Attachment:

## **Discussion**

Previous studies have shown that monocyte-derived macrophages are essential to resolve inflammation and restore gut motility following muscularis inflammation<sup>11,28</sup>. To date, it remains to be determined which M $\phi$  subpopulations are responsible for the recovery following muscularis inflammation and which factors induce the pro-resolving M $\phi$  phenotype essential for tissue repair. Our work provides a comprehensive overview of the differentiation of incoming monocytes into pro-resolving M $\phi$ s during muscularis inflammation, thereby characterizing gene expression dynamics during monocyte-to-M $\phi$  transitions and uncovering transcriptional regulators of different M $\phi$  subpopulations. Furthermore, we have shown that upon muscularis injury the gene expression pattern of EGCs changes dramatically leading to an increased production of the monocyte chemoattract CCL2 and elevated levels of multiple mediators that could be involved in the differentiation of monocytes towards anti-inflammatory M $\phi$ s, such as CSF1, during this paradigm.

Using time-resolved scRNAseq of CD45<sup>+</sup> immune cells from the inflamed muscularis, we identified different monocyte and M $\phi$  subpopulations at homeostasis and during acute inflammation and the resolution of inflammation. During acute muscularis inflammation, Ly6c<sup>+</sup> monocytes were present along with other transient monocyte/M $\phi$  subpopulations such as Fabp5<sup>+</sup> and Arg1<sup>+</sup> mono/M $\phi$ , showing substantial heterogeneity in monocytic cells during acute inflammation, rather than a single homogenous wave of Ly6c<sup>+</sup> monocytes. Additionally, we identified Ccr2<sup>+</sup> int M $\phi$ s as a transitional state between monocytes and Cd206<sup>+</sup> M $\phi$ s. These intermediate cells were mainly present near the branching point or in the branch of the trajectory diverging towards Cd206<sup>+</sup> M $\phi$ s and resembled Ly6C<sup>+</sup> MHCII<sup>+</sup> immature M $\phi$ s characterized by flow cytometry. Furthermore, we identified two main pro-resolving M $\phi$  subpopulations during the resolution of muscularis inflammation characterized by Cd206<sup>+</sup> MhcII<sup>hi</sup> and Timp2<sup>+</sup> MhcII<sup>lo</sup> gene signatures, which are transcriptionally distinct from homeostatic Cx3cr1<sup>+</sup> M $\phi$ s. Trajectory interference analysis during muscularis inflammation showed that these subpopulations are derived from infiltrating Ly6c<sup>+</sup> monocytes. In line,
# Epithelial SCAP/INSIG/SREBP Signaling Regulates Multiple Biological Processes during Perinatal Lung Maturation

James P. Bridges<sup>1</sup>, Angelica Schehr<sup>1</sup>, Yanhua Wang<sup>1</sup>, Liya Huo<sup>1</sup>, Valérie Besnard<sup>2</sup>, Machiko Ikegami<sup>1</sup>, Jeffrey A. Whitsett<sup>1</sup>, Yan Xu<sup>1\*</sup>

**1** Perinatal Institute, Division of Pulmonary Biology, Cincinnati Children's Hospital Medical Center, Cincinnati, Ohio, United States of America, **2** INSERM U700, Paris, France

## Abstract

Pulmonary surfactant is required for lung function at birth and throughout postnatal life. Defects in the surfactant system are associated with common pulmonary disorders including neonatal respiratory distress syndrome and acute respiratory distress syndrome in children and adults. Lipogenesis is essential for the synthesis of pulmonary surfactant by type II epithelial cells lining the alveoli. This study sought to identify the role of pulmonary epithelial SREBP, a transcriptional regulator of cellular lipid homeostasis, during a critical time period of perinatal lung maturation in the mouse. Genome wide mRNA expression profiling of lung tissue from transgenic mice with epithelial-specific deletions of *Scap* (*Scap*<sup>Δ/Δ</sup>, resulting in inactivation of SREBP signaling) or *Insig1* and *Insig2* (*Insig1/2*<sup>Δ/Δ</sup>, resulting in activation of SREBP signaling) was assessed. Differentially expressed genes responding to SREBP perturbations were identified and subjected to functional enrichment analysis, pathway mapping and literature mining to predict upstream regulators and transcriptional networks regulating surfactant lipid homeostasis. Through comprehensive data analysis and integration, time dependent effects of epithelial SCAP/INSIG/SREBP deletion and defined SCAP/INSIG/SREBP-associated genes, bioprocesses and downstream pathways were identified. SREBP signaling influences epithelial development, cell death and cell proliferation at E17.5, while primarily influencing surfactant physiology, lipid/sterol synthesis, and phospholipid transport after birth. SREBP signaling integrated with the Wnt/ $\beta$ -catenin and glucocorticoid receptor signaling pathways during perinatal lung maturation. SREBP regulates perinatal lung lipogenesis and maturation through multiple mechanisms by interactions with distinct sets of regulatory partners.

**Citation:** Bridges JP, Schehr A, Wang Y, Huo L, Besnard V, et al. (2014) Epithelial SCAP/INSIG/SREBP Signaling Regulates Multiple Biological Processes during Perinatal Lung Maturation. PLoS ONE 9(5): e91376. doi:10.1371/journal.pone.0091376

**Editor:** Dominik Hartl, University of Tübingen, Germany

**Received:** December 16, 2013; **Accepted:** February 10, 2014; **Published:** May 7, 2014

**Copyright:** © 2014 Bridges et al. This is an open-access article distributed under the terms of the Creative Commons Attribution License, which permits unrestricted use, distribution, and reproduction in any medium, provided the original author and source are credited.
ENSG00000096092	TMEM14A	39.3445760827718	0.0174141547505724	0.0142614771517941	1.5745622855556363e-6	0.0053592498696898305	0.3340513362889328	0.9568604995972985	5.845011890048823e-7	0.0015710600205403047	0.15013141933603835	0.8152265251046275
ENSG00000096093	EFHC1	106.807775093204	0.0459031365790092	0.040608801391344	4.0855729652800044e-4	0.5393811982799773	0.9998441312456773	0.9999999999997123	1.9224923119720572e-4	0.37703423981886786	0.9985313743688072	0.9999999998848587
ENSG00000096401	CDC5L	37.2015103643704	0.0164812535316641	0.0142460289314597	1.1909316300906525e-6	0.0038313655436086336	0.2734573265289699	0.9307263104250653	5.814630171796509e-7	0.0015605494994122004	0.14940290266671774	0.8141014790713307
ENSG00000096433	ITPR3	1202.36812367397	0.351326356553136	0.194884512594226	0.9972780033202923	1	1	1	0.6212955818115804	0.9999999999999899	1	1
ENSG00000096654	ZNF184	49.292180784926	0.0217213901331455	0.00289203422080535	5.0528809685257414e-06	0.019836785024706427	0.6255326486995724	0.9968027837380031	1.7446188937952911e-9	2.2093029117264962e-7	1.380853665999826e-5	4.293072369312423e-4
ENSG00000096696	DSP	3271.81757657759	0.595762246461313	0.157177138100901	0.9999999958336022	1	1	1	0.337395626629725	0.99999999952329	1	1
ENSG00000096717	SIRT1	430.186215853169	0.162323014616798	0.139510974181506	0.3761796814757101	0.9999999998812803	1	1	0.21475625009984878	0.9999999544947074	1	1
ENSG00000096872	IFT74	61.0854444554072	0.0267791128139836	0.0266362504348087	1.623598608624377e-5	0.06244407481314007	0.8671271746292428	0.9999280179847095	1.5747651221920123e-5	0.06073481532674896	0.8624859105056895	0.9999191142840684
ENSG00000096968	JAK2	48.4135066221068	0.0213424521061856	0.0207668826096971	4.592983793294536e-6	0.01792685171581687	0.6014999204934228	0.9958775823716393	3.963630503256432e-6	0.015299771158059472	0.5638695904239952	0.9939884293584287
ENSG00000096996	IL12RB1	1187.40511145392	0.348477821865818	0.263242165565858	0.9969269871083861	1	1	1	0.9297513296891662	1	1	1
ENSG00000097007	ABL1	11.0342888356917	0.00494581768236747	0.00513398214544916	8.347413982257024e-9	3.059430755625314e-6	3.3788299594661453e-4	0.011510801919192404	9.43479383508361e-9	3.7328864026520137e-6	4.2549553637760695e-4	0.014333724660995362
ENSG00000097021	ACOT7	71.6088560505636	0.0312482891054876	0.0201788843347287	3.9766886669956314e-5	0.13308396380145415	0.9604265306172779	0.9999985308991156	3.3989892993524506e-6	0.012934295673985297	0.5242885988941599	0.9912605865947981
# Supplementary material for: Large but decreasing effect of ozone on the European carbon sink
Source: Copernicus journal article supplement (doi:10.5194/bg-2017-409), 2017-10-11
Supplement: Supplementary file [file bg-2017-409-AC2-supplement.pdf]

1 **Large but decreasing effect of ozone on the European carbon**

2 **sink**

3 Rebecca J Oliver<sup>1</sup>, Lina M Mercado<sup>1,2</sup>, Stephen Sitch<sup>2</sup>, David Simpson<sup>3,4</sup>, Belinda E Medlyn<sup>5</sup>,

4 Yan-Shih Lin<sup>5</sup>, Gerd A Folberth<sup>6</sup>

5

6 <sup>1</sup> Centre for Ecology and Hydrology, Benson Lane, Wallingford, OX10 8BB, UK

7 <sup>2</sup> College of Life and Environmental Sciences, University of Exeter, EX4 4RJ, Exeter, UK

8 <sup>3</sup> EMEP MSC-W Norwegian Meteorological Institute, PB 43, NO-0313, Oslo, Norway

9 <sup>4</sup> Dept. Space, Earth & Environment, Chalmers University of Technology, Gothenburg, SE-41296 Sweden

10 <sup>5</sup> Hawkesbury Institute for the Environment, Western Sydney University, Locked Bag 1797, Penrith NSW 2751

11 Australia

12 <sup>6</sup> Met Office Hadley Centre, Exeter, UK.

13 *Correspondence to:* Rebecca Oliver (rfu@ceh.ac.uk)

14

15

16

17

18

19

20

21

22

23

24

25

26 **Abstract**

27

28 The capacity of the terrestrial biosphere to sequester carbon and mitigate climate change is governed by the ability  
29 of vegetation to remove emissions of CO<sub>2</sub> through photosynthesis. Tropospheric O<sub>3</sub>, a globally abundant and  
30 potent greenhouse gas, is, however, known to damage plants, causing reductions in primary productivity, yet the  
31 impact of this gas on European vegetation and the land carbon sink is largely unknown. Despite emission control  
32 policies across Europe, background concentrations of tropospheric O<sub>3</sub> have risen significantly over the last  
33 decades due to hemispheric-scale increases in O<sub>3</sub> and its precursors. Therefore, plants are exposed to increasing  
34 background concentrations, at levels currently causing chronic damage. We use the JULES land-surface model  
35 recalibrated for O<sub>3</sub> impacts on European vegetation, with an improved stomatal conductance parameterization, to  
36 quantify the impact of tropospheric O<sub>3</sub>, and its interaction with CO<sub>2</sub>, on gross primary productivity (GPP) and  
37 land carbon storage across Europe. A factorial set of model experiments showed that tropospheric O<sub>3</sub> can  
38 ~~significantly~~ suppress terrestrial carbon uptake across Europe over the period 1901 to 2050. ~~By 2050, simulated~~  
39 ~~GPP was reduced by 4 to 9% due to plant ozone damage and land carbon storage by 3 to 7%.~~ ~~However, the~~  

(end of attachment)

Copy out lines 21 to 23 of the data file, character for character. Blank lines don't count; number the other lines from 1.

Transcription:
ENSG00000096968	JAK2	48.4135066221068	0.0213424521061856	0.0207668826096971	4.592983793294536e-6	0.01792685171581687	0.6014999204934228	0.9958775823716393	3.963630503256432e-6	0.015299771158059472	0.5638695904239952	0.9939884293584287
ENSG00000096996	IL12RB1	1187.40511145392	0.348477821865818	0.263242165565858	0.9969269871083861	1	1	1	0.9297513296891662	1	1	1
ENSG00000097007	ABL1	11.0342888356917	0.00494581768236747	0.00513398214544916	8.347413982257024e-9	3.059430755625314e-6	3.3788299594661453e-4	0.011510801919192404	9.43479383508361e-9	3.7328864026520137e-6	4.2549553637760695e-4	0.014333724660995362